samedi 4 octobre 2008

Chanson du jour : Let's Get Some Beers, Pete Nelson

I don't call what I do 'folk music'. The best term I've come up with is 'foreground music', meaning it's not meant to be background music, but has to be more closely listened to, as opposed to the hook-oriented pop music that shoots straight into your brain. 'Foreground music' might for example, tell a story where, if you miss the beginning, you don't get the end. ...Pete Nelson

La chanson du jour est tirée de l'album The Restless Boys Club publié en 1996 par le romancier Pete Nelson sur le jeune label Signature Sounds. C'est un bon album d'où ressort cette fabuleuse chanson, "Let's Get Some Beers" où l'on entend successivement Bill Morrissey, John Gorka, Cliff Eberhart, Greg Brown et Pete Nelson, qui composent le Restless Boys' Choir, avec Cormac -not the writer- McCarthy à l'harmonica.

Chacun explique à sa façon que la cinquantaine arrivée, tout ce que l'on fait de mieux, c'est de parler de ses échecs sentimentaux, professionnels ou simplement personnels autour d'une bibine (ou d'un café)!

MP3 : Let's Get Some Beers (Pete Nelson, 1996)

On le trouve chez Signature Sounds ou chez CDbaby

Voici le compte-rendu de All Music Guide. Je n'ai pas trouvé trace de Peter Mulvey sur le disque, mais à part ça, c'est intéressant.

Pete Nelson is certainly not the only storytelling folk singer in the business. It has, in fact, become something of a folk reviewer's cliché to compare a singer/songwriter to a novelist, short story writer, or playwright. But such descriptions are unavoidable in discussions of Nelson's work, and they are even more apt when applied to him than they are to better-known storytellers like Dar Williams, Ellis Paul, and Darryl Purpose. That's because story seems primary to Nelson and music only secondary. On his debut album, The Restless Boys' Club, fundamental conventions of popular music are regularly tossed aside if they don't suit the narrative. In the liner notes, his lyrics are printed in prose format with complete sentences, paragraphs, and quotation marks. Nelson's choruses, usually the heart and soul of a song, tend to be brief and unmemorable, almost thrown away; enlisted in service of the verses rather than the other way round. Meter and rhyme are all but vanquished from the tragicomic opener, "Norman," and on "Let's Get Some Beer," the purported solo artist steps aside to let an all-star cast (John Gorka, Bill Morrissey, Cliff Eberhardt, and Greg Brown) voice his characters. Nelson's own voice -- soft, thin, and sometimes unsteady -- seems a liability on the first listen, but he uses its gentle, unaffected simplicity to great effect. Of course, none of this would work if the stories weren't well told. But Nelson has a great gift for quietly underscoring the poignant depth of ordinary events in ordinary lives. And though he isn't nearly as good a singer or composer as most of the celebrity guests that play on his albums (Paul Williams, Chistine Lavin, and Peter Mulvey, to name a few), he finds plenty of luminous musical moments to shed light on those well-crafted narratives. ~ Evan Cater, All Music Guide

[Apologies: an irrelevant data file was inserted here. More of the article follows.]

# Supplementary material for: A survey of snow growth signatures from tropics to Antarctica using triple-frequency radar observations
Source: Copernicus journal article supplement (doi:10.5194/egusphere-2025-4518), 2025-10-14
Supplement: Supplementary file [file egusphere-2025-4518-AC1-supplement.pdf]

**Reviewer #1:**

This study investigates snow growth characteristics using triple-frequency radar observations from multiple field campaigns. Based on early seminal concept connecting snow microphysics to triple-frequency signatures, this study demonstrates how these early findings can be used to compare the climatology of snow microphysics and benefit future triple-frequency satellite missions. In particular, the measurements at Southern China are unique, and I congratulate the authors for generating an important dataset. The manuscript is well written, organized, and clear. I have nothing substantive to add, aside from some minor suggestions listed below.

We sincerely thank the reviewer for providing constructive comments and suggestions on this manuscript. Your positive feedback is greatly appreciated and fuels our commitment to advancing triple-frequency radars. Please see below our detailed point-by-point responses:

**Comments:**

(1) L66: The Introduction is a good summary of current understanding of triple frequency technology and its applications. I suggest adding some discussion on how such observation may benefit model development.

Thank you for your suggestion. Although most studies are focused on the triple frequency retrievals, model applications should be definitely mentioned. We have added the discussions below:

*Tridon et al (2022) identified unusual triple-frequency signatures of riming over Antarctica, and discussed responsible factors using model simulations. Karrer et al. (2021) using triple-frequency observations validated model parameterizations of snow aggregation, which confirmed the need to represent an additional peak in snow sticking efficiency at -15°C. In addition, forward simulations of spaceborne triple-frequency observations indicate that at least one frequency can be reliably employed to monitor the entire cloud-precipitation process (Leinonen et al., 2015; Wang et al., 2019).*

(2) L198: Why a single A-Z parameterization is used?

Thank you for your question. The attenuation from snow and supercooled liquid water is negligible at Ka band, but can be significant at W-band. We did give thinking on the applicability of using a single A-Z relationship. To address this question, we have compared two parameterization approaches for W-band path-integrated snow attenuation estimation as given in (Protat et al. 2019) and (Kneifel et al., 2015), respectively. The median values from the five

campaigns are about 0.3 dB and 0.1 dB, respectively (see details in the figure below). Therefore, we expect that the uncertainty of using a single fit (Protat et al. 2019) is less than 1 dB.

1 commentaire:

Quiet Man a dit…

Tu vois, quand tu parles de musique, the commentaries are blowin' in the wind! Et pourtant, l'amicale des buveurs de bière devrait se mobiliser...
Tu m'avais transmis le MP3 il y a un bon moment déjà...